I decided it wasn’t worth it unless I can come up with a better installation method. I’ll take the 1.1mm hit for now.

Here’s a video comparing the difference in sound and travel between keycaps with O-rings and without:


Next up: what are we gonna do about these thumb keys?

It’s easy to press the “lower” keys, but pressing the “upper” keys without also pressing the lower keys requires me to raise my whole hand and angle my thumb down.

That’s not great.

But I had an idea that I thought might improve it: put taller keycaps on the “upper” thumb keys. Then I could press those keys without also pressing the lower keys. Right?

Now, you can’t buy taller keycaps for chocs, but you can make them pretty easily. I don’t have a 3D printer or anything, so I took a spare 1u key, clipped the stems off, and then glued it on top of another key.

It’s not perfect – the seam is pretty conspicuous – but it blends in pretty well with the rest of the keyboard. And it’s exactly the right height such that I can press it without pressing the lower key as well:

For my first attempt at these double-decker keys, I glued the keys together with standard superglue. But I didn’t use an activator, so it took a long time to set in the anaerobic chamber between the two keys.

I had to leave it overnight before it started holding at all, and even then it wasn’t fully cured. I found out the hard way when I left the keyboard alone for a few hours, and came back to find it covered in weird cyanoacrylate fume dust:

It cleaned off just fine, but I did panic slightly when I first saw it.

After that, I switched to a one-part “contact adhesive,” which both cured faster and didn’t fumigate my keyboard.

An alternative solution

If you’re building a Kyria with “normal” switches, you can choose to merge each of these keys into a single 2u key:

But the Kyria is not compatible with 2u chocs, which have a very different footprint than normal cherry keys.

But it’s still sort of possible to use a 2u key, by making a custom 2u that spans two 1u switches.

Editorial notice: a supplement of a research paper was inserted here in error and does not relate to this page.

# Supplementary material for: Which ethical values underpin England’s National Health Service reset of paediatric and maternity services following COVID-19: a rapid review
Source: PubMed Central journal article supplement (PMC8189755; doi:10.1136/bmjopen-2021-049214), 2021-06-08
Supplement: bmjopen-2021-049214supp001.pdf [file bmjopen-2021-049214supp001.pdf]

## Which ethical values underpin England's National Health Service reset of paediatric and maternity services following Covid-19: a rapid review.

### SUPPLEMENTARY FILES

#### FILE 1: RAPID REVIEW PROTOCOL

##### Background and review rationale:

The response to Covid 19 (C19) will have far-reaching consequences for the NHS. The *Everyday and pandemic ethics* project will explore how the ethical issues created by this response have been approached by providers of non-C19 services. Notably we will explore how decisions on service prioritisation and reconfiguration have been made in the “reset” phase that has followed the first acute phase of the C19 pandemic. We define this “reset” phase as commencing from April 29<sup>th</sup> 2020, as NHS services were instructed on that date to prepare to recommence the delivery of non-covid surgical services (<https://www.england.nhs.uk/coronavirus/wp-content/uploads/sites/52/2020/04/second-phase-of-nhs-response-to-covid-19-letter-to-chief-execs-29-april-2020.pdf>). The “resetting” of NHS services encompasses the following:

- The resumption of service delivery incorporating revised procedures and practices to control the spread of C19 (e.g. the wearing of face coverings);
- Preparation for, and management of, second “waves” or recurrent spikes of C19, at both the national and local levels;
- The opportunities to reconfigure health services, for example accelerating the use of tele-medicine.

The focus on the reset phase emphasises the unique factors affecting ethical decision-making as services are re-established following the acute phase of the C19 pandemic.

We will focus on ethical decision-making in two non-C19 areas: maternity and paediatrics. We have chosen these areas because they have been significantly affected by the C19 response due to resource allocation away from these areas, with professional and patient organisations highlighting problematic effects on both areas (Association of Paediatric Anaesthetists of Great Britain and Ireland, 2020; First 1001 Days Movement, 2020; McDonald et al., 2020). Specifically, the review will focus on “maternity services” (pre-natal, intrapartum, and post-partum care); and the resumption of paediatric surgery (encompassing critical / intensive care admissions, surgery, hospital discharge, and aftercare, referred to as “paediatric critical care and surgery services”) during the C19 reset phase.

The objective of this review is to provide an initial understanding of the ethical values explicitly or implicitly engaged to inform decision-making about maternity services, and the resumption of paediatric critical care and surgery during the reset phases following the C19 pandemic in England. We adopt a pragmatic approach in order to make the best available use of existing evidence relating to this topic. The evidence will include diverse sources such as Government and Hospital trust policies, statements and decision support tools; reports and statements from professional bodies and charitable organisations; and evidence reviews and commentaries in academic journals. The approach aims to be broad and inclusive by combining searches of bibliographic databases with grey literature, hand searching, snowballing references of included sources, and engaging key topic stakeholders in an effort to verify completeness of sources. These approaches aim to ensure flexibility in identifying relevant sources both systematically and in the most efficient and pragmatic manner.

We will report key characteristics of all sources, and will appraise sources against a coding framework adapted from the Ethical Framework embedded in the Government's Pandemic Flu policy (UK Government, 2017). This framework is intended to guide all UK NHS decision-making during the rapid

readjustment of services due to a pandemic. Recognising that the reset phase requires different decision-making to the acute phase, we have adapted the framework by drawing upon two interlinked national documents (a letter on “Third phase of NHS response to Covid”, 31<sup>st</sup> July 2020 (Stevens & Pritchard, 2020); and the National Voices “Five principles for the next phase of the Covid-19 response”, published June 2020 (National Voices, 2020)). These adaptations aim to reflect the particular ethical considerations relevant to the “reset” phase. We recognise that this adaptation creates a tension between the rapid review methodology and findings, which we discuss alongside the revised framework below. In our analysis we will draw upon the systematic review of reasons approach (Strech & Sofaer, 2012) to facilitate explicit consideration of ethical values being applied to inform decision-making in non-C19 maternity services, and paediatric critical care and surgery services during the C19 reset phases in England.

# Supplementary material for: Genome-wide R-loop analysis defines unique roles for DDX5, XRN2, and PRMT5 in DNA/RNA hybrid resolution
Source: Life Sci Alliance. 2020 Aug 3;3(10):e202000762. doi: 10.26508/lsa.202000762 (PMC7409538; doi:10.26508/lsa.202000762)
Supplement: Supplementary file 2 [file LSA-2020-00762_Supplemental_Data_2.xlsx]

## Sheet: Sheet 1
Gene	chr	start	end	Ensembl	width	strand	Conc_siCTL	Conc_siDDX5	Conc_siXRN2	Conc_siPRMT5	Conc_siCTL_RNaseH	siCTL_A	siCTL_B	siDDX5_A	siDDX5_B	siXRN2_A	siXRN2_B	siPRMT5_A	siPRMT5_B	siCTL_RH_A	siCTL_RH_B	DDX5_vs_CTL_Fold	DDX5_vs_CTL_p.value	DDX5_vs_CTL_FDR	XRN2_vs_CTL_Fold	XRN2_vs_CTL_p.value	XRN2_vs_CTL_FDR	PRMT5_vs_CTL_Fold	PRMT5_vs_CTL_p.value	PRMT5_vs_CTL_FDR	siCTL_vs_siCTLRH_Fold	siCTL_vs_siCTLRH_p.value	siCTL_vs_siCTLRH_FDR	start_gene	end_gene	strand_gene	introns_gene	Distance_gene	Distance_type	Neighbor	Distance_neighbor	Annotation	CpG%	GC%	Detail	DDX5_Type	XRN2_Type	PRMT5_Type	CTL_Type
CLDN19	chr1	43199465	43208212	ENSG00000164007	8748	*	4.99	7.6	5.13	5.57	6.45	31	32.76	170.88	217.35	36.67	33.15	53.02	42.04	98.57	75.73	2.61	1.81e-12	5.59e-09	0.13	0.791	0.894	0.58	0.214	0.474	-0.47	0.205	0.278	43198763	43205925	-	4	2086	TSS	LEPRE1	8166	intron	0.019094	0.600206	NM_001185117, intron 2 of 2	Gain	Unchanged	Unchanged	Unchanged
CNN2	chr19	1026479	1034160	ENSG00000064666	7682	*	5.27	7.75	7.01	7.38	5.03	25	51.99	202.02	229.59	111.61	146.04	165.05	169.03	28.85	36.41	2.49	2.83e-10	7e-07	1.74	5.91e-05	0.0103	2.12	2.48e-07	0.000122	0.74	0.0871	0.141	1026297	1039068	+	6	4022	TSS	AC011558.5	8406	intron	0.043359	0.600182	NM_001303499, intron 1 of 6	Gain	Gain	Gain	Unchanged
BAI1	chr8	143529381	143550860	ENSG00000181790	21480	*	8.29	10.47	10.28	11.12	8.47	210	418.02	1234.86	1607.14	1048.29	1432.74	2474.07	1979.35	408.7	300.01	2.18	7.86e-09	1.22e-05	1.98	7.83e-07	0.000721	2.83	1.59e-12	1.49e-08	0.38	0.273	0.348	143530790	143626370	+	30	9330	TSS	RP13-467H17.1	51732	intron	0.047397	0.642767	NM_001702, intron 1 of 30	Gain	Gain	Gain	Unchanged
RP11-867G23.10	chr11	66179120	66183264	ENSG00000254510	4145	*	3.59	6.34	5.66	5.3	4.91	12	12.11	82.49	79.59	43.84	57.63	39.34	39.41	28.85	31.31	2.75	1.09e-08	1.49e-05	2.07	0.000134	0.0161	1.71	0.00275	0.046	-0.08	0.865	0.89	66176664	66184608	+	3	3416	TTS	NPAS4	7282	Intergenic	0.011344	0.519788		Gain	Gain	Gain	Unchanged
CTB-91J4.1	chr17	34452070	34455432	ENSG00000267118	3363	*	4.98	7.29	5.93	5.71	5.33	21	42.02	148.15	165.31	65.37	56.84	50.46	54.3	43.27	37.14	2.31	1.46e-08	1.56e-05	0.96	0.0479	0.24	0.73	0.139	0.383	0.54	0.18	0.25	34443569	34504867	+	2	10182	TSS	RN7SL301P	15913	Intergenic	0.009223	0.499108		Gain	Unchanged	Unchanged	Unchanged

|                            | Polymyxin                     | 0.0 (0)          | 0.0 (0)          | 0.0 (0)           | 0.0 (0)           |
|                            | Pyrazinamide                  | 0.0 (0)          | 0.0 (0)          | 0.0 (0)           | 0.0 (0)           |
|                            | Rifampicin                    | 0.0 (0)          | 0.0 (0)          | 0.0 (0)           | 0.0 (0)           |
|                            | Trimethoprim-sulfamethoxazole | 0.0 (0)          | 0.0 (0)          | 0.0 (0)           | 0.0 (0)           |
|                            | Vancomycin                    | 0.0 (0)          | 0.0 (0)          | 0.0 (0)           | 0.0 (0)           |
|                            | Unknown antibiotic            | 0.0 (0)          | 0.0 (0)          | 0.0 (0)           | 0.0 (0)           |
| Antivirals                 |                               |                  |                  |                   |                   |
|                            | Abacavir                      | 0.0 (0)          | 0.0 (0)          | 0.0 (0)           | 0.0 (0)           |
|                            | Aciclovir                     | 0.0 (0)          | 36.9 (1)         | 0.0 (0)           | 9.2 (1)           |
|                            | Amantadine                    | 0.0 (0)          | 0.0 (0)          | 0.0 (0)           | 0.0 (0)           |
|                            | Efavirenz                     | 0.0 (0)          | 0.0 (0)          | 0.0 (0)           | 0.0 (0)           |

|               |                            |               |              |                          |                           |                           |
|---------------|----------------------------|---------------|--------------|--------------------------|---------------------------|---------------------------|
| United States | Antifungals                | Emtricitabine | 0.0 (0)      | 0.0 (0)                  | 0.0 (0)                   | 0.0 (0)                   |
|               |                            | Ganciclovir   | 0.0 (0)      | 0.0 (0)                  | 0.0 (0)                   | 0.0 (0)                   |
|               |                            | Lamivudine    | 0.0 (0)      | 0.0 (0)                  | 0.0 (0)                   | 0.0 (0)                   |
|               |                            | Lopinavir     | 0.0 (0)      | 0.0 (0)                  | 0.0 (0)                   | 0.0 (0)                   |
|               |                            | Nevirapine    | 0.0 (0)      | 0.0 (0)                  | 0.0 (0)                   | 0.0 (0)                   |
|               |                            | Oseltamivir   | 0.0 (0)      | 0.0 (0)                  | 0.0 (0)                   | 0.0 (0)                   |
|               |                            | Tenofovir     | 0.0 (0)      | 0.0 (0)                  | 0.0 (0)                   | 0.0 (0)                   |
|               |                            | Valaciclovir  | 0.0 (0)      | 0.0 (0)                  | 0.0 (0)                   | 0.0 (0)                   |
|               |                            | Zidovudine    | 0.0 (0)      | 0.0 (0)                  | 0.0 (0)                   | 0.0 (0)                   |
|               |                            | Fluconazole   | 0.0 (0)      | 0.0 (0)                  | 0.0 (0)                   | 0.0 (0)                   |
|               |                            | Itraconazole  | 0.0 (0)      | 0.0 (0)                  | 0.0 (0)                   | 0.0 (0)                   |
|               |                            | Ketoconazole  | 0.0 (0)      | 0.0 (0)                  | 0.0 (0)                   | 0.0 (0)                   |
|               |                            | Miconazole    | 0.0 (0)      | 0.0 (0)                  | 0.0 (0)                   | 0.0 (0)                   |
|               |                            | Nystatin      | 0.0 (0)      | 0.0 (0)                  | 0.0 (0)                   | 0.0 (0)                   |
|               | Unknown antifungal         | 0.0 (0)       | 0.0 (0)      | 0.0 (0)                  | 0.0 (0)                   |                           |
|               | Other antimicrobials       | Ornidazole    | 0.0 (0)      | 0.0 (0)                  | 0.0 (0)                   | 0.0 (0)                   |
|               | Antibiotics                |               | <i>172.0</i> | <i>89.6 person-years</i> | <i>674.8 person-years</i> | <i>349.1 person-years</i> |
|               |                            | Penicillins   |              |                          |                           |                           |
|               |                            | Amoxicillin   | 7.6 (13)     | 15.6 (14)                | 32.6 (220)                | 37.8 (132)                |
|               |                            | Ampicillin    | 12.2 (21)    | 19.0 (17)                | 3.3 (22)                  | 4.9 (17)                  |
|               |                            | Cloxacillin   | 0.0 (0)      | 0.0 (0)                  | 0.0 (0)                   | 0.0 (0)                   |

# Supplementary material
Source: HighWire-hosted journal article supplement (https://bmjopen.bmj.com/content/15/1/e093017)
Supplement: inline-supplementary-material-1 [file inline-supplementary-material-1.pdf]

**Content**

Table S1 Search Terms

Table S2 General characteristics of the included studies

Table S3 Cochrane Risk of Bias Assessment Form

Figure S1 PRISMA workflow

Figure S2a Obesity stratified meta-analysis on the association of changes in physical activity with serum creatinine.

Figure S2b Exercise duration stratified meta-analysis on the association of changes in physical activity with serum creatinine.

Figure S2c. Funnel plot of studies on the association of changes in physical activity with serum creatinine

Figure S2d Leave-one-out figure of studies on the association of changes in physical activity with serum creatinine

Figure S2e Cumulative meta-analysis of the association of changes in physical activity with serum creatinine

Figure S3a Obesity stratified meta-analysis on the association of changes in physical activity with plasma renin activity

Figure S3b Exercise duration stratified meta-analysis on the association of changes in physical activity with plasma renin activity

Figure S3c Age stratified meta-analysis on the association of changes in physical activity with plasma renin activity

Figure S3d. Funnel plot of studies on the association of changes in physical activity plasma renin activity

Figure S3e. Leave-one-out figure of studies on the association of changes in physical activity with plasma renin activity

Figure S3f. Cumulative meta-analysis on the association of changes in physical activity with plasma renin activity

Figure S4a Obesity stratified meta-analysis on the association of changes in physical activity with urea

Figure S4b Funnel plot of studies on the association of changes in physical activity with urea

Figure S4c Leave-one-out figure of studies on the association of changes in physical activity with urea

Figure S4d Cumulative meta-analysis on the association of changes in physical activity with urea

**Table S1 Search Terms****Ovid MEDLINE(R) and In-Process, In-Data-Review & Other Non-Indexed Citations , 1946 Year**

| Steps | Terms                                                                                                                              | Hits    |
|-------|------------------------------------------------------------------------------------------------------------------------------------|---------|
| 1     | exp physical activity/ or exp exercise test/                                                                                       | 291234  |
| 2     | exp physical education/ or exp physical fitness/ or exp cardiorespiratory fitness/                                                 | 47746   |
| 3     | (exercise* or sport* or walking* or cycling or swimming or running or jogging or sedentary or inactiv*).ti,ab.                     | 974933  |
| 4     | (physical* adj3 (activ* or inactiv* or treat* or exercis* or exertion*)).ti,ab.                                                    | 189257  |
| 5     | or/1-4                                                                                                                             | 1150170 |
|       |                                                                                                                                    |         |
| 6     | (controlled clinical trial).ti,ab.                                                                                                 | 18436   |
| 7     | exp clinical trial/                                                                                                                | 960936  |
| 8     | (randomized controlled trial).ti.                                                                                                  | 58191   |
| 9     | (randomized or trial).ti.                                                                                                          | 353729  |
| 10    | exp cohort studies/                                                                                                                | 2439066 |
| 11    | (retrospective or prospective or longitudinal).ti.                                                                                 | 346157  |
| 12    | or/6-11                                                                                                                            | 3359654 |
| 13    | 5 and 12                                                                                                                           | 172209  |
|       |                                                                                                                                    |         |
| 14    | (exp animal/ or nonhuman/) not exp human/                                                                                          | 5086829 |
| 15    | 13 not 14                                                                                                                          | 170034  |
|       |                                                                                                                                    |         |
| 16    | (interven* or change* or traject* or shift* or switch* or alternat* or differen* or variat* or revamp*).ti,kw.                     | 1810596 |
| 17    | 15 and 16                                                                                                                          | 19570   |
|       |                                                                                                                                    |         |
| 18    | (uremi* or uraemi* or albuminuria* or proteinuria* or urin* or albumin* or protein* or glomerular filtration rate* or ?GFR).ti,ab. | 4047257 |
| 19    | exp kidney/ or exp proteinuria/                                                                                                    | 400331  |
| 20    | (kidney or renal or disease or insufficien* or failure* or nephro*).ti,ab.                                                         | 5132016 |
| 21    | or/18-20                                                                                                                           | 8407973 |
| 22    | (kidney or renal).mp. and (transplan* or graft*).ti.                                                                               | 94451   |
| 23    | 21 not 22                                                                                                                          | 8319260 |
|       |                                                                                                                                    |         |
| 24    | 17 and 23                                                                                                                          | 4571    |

I clipped the stems off the 2u key with flush cutters, and I clipped the edges off of two 1u keys, to isolate the stems:

Then I sanded the 1u stem tops flat, and put them in my spare acrylic plate as a spacer.

Then I attached these stems to a 2u key with contact adhesive, clamping the whole thing together with some masking tape:

After leaving it to cure overnight, I found that it worked… okay.

It’s not pretty: the keycap moved slightly during clamping, so the key is not perfectly centered. But it’s close enough.

Without O-rings on these stems, the added height of the 1u remnants isn’t really noticeable. And the MBK 2u keys are convex anyway, so it already sticks out a little bit.

It looks pretty good, I think. It’s passable. I was very careful removing the keycap from the switches – I don’t totally trust the contact adhesive to withstand the force of pulling out two Choc stems at once, so I sort of pushed it out from underneath, and it held up fine.

But it’s very hard to press the key. Like, it literally takes a lot of force to depress both switches at once. Which, I mean, duh, I guess, but I didn’t expect it to be so noticeable. Thumbs are strong! But if you actually want to go the frankencap 2u route, I would strongly recommend getting lighter springs for those two switches.

But I prefer the two-story keycaps anyway, so I didn’t bother with that.

  1. Oh no. The audiophile was inside me all along. ↩︎